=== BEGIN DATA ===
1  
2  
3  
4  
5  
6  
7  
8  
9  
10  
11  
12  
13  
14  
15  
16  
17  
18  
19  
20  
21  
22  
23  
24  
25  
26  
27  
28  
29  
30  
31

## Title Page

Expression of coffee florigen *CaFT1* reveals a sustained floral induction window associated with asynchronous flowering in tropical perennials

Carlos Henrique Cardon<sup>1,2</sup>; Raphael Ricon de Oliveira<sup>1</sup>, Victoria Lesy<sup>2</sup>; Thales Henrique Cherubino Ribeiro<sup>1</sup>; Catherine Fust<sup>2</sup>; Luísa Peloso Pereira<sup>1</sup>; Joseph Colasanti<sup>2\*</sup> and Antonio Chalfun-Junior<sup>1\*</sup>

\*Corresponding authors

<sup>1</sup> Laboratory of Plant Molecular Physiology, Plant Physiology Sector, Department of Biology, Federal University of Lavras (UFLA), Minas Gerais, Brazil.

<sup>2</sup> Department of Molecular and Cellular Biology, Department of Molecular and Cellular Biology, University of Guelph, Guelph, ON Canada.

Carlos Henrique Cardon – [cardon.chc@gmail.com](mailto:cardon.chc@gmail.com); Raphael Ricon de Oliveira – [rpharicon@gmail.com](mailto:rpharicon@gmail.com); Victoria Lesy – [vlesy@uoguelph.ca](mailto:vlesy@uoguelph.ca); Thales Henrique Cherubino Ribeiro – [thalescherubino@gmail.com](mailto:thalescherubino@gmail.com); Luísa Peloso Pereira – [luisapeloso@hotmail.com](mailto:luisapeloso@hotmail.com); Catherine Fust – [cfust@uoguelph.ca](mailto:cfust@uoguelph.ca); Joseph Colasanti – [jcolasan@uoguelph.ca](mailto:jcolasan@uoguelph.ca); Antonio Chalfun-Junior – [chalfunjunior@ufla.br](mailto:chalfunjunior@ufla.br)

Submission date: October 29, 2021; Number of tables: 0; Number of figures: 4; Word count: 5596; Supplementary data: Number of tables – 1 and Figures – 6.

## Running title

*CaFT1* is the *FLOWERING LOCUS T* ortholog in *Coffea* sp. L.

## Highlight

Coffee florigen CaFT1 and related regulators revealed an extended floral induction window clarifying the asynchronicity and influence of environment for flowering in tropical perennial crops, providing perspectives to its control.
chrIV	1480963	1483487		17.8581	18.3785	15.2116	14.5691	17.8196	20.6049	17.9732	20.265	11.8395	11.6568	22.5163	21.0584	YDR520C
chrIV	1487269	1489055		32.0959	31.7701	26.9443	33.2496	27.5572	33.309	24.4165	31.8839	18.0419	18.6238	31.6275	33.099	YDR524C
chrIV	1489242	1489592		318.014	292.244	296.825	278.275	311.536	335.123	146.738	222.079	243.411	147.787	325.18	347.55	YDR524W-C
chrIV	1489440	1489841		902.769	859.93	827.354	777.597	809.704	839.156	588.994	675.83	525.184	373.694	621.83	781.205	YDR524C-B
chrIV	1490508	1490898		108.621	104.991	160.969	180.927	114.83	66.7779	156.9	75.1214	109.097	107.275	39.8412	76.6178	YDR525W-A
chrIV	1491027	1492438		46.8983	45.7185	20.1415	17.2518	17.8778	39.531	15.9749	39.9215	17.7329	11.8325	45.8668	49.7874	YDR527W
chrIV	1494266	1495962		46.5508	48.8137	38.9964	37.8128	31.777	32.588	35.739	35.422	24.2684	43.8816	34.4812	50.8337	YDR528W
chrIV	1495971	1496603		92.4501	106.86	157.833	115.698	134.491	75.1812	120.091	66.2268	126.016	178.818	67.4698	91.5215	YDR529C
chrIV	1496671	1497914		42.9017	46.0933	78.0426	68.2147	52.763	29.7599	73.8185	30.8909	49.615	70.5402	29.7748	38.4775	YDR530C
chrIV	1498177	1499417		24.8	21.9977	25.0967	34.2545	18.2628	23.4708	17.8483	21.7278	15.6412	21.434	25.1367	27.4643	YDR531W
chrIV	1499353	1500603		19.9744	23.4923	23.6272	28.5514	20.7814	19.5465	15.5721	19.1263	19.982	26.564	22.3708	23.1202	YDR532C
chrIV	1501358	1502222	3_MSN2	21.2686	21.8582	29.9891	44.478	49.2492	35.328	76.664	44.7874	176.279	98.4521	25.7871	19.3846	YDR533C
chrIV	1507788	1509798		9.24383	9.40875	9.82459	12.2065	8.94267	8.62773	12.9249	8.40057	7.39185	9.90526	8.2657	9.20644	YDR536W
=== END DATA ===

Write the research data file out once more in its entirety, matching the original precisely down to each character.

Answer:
1  
2  
3  
4  
5  
6  
7  
8  
9  
10  
11  
12  
13  
14  
15  
16  
17  
18  
19  
20  
21  
22  
23  
24  
25  
26  
27  
28  
29  
30  
31

## Title Page

Expression of coffee florigen *CaFT1* reveals a sustained floral induction window associated with asynchronous flowering in tropical perennials

Carlos Henrique Cardon<sup>1,2</sup>; Raphael Ricon de Oliveira<sup>1</sup>, Victoria Lesy<sup>2</sup>; Thales Henrique Cherubino Ribeiro<sup>1</sup>; Catherine Fust<sup>2</sup>; Luísa Peloso Pereira<sup>1</sup>; Joseph Colasanti<sup>2\*</sup> and Antonio Chalfun-Junior<sup>1\*</sup>

\*Corresponding authors

<sup>1</sup> Laboratory of Plant Molecular Physiology, Plant Physiology Sector, Department of Biology, Federal University of Lavras (UFLA), Minas Gerais, Brazil.

<sup>2</sup> Department of Molecular and Cellular Biology, Department of Molecular and Cellular Biology, University of Guelph, Guelph, ON Canada.

Carlos Henrique Cardon – [cardon.chc@gmail.com](mailto:cardon.chc@gmail.com); Raphael Ricon de Oliveira – [rpharicon@gmail.com](mailto:rpharicon@gmail.com); Victoria Lesy – [vlesy@uoguelph.ca](mailto:vlesy@uoguelph.ca); Thales Henrique Cherubino Ribeiro – [thalescherubino@gmail.com](mailto:thalescherubino@gmail.com); Luísa Peloso Pereira – [luisapeloso@hotmail.com](mailto:luisapeloso@hotmail.com); Catherine Fust – [cfust@uoguelph.ca](mailto:cfust@uoguelph.ca); Joseph Colasanti – [jcolasan@uoguelph.ca](mailto:jcolasan@uoguelph.ca); Antonio Chalfun-Junior – [chalfunjunior@ufla.br](mailto:chalfunjunior@ufla.br)

Submission date: October 29, 2021; Number of tables: 0; Number of figures: 4; Word count: 5596; Supplementary data: Number of tables – 1 and Figures – 6.

## Running title

*CaFT1* is the *FLOWERING LOCUS T* ortholog in *Coffea* sp. L.

## Highlight

Coffee florigen CaFT1 and related regulators revealed an extended floral induction window clarifying the asynchronicity and influence of environment for flowering in tropical perennial crops, providing perspectives to its control.
chrIV	1480963	1483487		17.8581	18.3785	15.2116	14.5691	17.8196	20.6049	17.9732	20.265	11.8395	11.6568	22.5163	21.0584	YDR520C
chrIV	1487269	1489055		32.0959	31.7701	26.9443	33.2496	27.5572	33.309	24.4165	31.8839	18.0419	18.6238	31.6275	33.099	YDR524C
chrIV	1489242	1489592		318.014	292.244	296.825	278.275	311.536	335.123	146.738	222.079	243.411	147.787	325.18	347.55	YDR524W-C
chrIV	1489440	1489841		902.769	859.93	827.354	777.597	809.704	839.156	588.994	675.83	525.184	373.694	621.83	781.205	YDR524C-B
chrIV	1490508	1490898		108.621	104.991	160.969	180.927	114.83	66.7779	156.9	75.1214	109.097	107.275	39.8412	76.6178	YDR525W-A
chrIV	1491027	1492438		46.8983	45.7185	20.1415	17.2518	17.8778	39.531	15.9749	39.9215	17.7329	11.8325	45.8668	49.7874	YDR527W
chrIV	1494266	1495962		46.5508	48.8137	38.9964	37.8128	31.777	32.588	35.739	35.422	24.2684	43.8816	34.4812	50.8337	YDR528W
chrIV	1495971	1496603		92.4501	106.86	157.833	115.698	134.491	75.1812	120.091	66.2268	126.016	178.818	67.4698	91.5215	YDR529C
chrIV	1496671	1497914		42.9017	46.0933	78.0426	68.2147	52.763	29.7599	73.8185	30.8909	49.615	70.5402	29.7748	38.4775	YDR530C
chrIV	1498177	1499417		24.8	21.9977	25.0967	34.2545	18.2628	23.4708	17.8483	21.7278	15.6412	21.434	25.1367	27.4643	YDR531W
chrIV	1499353	1500603		19.9744	23.4923	23.6272	28.5514	20.7814	19.5465	15.5721	19.1263	19.982	26.564	22.3708	23.1202	YDR532C
chrIV	1501358	1502222	3_MSN2	21.2686	21.8582	29.9891	44.478	49.2492	35.328	76.664	44.7874	176.279	98.4521	25.7871	19.3846	YDR533C
chrIV	1507788	1509798		9.24383	9.40875	9.82459	12.2065	8.94267	8.62773	12.9249	8.40057	7.39185	9.90526	8.2657	9.20644	YDR536W